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Instagram Finally Has A More Secure Way To Protect Your Account

If you have an Instagram account, you’ll want to enable two-factor authentication via app, a new feature rolling out to all users “in the coming weeks.”

Posted on August 28, 2018, at 1:01 p.m. ET

Getty / SOPA Images / Contributor

Two-factor authentication (also called two-step verification and 2FA) is a security measure for online accounts that requires a password and an additional code — and, until now, Instagram’s implementation of 2FA wasn’t as secure as it could have been. After security researchers’ many complaints, Instagram is finally introducing the ability to receive login codes through an app, instead of over text message. SMS messages are a less secure way to verify someone’s identity because mobile accounts are vulnerable to SIM hijacking, an increasingly prevalent hack.

The company announced today that it is currently rolling out support for third-party authentication apps, and it will make the feature available to its 1 billion users “in the coming weeks.”

Instagram

Hackers have attacked Instagram many times over the past year. SIM hackers are known to target desirable Instagram usernames (like “@Rainbow”) and gain access to the accounts by taking control of the user’s phone number and routing all of the victim’s texts and calls to a different SIM card. Hackers then sell hijacked Instagram handles for thousands of dollars’ worth of bitcoin. A number of Instagram users who were hacked said they had two-factor authentication enabled and Instagram didn’t warn them that their two-factor settings had been bypassed, changed, or disabled. These victims only realized they’d been hacked when they found that their accounts’ handles and avatars had been changed, and their accounts’ associated email addresses had been switched to ones with Russian .ru domains.

While support for authentication apps is certainly an improvement over Instagram’s previous text message–based 2FA, Instagram — along with PayPal, Twitter, and others — still allows users to reset passwords over SMS, even though this form of verification has documented vulnerabilities.

An Instagram spokesperson confirmed the app will continue offering the option to reset your password via SMS, but did not address the vulnerability it poses.

That’s why you should add a PIN (the longer, the better) to your mobile account, *in addition to* adding app-based authentication to your Instagram account.

Here is a guide on why you should create a mobile carrier PIN that has shortcuts to how-tos for T-Mobile, AT&T, Verizon, and Sprint customers. Adding a PIN will make your mobile account more secure in the first place, and reduce the likelihood of a hacker being able to steal your Instagram account or extort you to regain access to it.

To set up two-factor authentication via app on Instagram (something everyone should do), first you need to download a third-party authenticator app, if you haven’t already.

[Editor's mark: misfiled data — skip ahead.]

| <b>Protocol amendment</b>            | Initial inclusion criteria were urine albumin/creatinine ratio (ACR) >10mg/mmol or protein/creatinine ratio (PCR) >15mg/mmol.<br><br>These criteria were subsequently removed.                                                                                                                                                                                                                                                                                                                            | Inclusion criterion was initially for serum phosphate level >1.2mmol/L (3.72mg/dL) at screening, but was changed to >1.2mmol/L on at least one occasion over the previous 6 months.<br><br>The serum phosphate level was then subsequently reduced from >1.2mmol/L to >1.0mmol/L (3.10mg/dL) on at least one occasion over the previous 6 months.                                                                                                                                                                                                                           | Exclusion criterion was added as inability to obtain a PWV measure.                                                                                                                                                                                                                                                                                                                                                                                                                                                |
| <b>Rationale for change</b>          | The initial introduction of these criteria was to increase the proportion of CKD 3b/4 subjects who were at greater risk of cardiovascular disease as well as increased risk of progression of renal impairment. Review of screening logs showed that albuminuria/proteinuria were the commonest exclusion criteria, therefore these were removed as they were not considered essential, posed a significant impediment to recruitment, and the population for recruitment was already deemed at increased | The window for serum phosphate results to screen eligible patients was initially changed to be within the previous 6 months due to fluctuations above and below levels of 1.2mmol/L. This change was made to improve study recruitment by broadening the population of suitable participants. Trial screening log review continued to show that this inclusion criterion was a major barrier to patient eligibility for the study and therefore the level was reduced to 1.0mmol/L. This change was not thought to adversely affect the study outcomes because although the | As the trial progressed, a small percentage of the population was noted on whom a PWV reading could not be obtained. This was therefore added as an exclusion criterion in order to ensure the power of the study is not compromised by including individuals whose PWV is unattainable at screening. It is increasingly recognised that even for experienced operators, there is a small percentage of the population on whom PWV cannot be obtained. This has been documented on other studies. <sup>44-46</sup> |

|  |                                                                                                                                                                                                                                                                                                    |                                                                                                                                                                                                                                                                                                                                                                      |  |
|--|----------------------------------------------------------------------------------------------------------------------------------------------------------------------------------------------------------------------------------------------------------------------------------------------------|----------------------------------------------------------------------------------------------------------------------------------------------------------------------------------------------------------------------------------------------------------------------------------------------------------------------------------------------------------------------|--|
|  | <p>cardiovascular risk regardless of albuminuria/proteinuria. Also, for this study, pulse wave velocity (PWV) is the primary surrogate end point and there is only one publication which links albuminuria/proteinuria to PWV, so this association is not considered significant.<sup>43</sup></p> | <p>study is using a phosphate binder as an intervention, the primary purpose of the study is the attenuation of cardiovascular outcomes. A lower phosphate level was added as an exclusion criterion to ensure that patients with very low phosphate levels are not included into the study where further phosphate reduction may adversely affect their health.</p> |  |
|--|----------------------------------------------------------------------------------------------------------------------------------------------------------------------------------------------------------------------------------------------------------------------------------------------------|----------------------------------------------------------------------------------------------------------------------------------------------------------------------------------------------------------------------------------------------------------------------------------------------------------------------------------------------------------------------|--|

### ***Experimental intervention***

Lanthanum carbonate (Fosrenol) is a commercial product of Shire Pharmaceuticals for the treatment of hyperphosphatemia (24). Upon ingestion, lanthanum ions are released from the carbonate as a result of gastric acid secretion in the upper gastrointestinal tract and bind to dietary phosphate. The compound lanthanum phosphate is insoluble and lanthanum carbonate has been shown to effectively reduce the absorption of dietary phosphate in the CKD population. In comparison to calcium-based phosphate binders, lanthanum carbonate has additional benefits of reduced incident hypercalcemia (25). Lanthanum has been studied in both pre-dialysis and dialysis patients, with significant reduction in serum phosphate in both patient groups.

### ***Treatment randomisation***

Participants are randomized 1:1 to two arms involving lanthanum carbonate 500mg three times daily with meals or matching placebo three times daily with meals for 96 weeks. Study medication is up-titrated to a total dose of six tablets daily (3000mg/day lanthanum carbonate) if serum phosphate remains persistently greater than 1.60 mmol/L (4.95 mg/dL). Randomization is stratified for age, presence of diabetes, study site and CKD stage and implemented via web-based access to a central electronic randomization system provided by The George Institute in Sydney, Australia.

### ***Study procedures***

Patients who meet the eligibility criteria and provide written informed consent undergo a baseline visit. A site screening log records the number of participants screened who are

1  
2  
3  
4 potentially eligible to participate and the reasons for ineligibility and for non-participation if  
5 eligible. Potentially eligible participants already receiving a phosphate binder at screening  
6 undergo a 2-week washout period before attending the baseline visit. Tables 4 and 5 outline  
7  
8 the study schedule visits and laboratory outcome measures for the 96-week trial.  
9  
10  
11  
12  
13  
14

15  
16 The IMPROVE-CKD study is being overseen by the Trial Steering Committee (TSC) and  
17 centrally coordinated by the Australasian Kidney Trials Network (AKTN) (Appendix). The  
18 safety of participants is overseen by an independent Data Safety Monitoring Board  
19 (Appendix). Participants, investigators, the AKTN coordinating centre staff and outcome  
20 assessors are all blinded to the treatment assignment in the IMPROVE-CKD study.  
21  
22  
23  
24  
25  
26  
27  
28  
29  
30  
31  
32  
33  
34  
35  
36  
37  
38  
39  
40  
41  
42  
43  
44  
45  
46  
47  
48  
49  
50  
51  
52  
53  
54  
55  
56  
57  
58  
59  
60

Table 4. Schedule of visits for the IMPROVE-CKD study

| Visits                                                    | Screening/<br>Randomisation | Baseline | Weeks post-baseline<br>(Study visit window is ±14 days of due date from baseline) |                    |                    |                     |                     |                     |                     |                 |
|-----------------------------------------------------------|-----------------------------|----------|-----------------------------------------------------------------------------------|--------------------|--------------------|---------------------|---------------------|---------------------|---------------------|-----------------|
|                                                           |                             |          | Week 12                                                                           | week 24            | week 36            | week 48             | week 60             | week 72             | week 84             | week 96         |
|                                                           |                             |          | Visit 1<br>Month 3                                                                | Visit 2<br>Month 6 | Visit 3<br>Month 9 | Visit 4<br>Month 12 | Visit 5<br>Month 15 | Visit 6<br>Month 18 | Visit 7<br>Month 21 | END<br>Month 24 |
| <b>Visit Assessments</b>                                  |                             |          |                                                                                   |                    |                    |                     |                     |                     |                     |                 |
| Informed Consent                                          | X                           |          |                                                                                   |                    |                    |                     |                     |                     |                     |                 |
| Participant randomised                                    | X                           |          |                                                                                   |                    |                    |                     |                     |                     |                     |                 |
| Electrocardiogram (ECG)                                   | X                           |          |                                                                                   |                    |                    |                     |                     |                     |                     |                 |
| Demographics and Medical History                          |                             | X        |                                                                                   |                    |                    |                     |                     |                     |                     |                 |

Using an authenticator app is much better than using text messages for two-factor authentication. Apps work even if you’re traveling abroad and your phone is offline or just connected to a Wi-Fi network (SMS only works when your device has an active cellular connection). It’s also more secure because the codes can’t be intercepted by a hacker.

You can choose from several apps. Google Authenticator, free for iOS and Android, is a very simple, bare-bones authentication app. You set it up, and it spits out a login code. There’s a countdown timer indicating how long the code is valid for, and that’s about it.

Other apps offer a few more bells and whistles. Two such apps are Duo, which lets users hit “approve” through a push notification instead of copying a code, and Authy, which gives you access to login codes on desktop (you typically get them through an app on your phone). Both support Touch ID on iPhones for even more security.

It doesn’t matter which authentication app you download — just that you do, and set it up for every account that will support it (including Google, Facebook, Amazon, Dropbox, and Twitter).

Next, open Instagram and go to “Settings.”

You’ll find Settings by going to your profile and tapping the top-right menu icon. Settings will be on the bottom right.

Scroll down and tap “Two-Factor Authentication.” If you don’t have two-factor already set up, tap “Get Started.”

Enable “Authentication App” by tapping the slider to the right of it. Follow the instructions. That’s it!*

*Don’t forget to save your backup codes in a safe space, just in case your phone is ever lost or stolen.

In order to add more transparency around accounts with large followings, Instagram is also adding an “About This Account” option in the “...” menu on the top right of every profile page for popular accounts.

Instagram’s parent company, Facebook, recently removed hundreds of fake accounts designed for political meddling that were associated with Russian and Iranian political influence operations. “About This Account” appears to be Instagram’s effort at preventing the same kind large-scale coordinated manipulation scheme on the platform.

Instagram

The About This Account page includes what date the account joined Instagram, where the account is located, former usernames, the ads the account is running, and accounts with followers in common. The feature is rolling out to users in the coming weeks, after accounts with large followings have a chance to review the information.


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